Teacher loses his job after employer finds out he is gay

After working as a high school teacher for three years Craig Campbell decided to switch to working as a relief teacher, aside from continuing on at the school he was part of the staff at, he also began teaching at a school that was close to his heart.

It was the school he’d attended for most of his education. He went to primary school there, did much of his primary education within its walls and completed his high school learning there too. He was excited to become a teacher there too.

The school was a big part of his life, he had also worshipped at the Baptist church associated with the school.

He soon faced a challenge however. He was in a same-sex relationship and it was becoming hard to keep his boyfriend a secret from other people associated with the school.

“We went to my aunt’s wedding, and there were three kids from my school in the back of the room.” Craig shares. “It got to this point where I was like, ‘I can’t hide this anymore.’”     

Craig says he found it challenging to be a teacher who is supposed to instill values like honesty into students, while also being required to lie and cover up his own identity.

He remembered how difficult it was being gay when he was a student at the school, and didn’t want to continue being part of the culture that allowed discrimination.

“I could see there were a number of kids who were struggling with it as well, and I’m sure their experience is just like it was for me.”

Taking a proactive step the young teacher decided to tell his department head about his relationship.  

“I told them I was in a relationship, and obviously this is something that I believe is fine from both a moral and a theological standpoint.” Craig said.

While one school was fine with his declaration, the other delivered a muddled response. The school which Craig had spent most of his life in couldn’t tell him if he’d be able to continue teaching or not.  

“None of them were sure of what the policy would be.” Craig said. Sharing that he spoke to a number of people within the school’s leadership team including his department head and the chair of the school’s board.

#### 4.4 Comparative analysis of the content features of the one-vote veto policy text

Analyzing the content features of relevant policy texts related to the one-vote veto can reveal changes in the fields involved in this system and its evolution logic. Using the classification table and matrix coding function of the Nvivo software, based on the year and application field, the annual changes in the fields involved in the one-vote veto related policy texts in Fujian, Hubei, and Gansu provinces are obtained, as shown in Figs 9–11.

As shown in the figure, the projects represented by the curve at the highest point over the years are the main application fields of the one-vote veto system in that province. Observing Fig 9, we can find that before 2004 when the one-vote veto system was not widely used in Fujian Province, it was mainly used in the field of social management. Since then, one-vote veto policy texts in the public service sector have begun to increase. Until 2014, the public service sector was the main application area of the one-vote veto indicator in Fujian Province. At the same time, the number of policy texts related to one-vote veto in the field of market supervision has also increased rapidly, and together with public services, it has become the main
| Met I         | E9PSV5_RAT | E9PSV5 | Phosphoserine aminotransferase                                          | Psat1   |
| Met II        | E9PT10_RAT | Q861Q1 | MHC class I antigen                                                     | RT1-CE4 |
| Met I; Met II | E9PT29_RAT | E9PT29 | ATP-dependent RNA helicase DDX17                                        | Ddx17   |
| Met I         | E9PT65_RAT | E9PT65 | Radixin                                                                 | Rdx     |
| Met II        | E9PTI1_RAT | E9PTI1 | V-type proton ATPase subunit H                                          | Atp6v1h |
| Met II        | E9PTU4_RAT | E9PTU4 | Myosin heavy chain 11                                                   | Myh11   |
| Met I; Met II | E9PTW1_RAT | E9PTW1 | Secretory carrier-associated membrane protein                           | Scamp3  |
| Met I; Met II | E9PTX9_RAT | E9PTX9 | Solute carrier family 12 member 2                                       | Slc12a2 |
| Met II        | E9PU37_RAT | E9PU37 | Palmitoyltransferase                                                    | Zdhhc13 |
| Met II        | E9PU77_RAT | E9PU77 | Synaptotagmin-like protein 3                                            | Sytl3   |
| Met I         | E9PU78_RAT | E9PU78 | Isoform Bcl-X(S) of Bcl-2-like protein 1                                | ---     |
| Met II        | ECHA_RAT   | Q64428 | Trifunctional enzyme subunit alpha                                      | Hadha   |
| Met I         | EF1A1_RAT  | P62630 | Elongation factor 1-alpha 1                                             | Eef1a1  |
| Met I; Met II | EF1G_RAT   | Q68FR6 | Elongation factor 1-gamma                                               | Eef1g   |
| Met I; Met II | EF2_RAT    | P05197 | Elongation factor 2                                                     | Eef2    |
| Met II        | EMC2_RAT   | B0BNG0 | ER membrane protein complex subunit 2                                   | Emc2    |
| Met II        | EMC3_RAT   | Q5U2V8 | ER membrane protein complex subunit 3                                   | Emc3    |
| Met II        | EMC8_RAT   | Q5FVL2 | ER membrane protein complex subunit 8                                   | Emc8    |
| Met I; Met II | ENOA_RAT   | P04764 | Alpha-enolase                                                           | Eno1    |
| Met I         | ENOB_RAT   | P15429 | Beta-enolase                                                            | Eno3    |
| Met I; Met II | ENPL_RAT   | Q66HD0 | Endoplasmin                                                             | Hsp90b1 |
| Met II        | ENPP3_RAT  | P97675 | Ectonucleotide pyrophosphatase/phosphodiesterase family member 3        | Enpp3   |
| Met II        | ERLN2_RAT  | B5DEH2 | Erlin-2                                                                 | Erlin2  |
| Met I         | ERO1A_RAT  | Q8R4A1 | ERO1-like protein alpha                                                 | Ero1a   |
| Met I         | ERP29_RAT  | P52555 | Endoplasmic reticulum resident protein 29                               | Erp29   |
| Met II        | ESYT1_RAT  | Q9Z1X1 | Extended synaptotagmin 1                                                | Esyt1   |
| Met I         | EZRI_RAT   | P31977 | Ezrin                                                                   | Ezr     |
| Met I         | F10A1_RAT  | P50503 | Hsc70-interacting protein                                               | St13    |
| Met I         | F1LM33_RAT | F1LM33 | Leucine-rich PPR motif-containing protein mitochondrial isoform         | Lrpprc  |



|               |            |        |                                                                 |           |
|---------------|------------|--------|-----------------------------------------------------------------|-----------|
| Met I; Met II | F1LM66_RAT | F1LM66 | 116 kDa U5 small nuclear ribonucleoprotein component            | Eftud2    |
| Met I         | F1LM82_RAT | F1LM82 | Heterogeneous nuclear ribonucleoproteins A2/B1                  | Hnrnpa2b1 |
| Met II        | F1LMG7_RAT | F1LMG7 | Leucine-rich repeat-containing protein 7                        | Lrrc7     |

While he was fully aware that his declaration might not be compatible with the school’s beliefs, he wanted to be prepared for the potential search for new employment.

While he didn’t get a clear answer from anyone, he soon heard from his colleagues that he’d been removed from the list of approved relief teachers for the school.

Later the principal told Craig that there had been a breakdown in communication and he should have been told he was not being given any future work, and he should have certainly been told before the information was given to his colleagues.

Craig’s situation is one that LGBTI rights advocates argue should not be able to occur in 2017. While some states have employment protections for people in anti-discrimination laws, other states like Western Australia do not.

During the marriage postal survey the Catholic Church was one group who defended its right to fire any staff who enter into a same-sex wedding, even though it’s a civil wedding and not within the confines of the church.

The Archbishop of Melbourne Dennis Hart said if any of the church’s 180,000 employees were found to be in defiance of the church’s teachings they would be dealt with “very seriously”.

“I would be very emphatic that our schools, our parishes exist to teach a Catholic view of marriage” he said. “Any words or actions which work contrary to that would be viewed very seriously.” Archbishop Hart told Fairfax Media.

Perth’s Catholic Archbishop Timothy Costelloe, who heads the Bishops Commission for Catholic Education has said LGBTI couples who get married would be “undermining” the school’s values.

Concern about the exemptions that exist in Western Australia were highlighted long before the postal survey got underway this year.

In the lead up to WA’s state election OUTinPerth held a community forum which was attended by representatives from Labor, the Liberals and The Greens.

Concern was raised about a case in Mandurah where a school had threatened to expel a primary school student because he father in a same sex relationship.

At the forum Maylands MLA Lisa Baker said it was an area that her party did not have a policy on, but she was ready to fight the issue.

“Speaking personally, I will fight religious exemptions in schools to the end. I don’t think it’s okay in any universe for this exemption.” Baker said.  

“The Labor Party don’t have a policy on this yet, we’ve been a bit busy with expunging [historical convictions for gay & bisexual men] and a few other things.

“You know what our policies are around Safe Schools, expunging, employment and legislative filtering to make sure indirect discrimination doesn’t flow out of legislation… but that is how I would deal with this issue, review policies to make sure that discrimination is not directly or indirectly impacting on LGBTI communities.”

While the government has delivered its apology over historical convictions and introduced legislation to expunge unfair criminal records for gay men, the issue of religious discrimination was not raised at its biennial conference which was held in August.

Earlier this month LGBTI rights advocates renewed their calls for the government to review the state’s anti-discrimination laws as they relate to employment by religious organisations.

A spokesperson for Attorney General John Quigley has told The West Australian that the issue is being looked into and could be considered by cabinet in the future.

Graeme Watson

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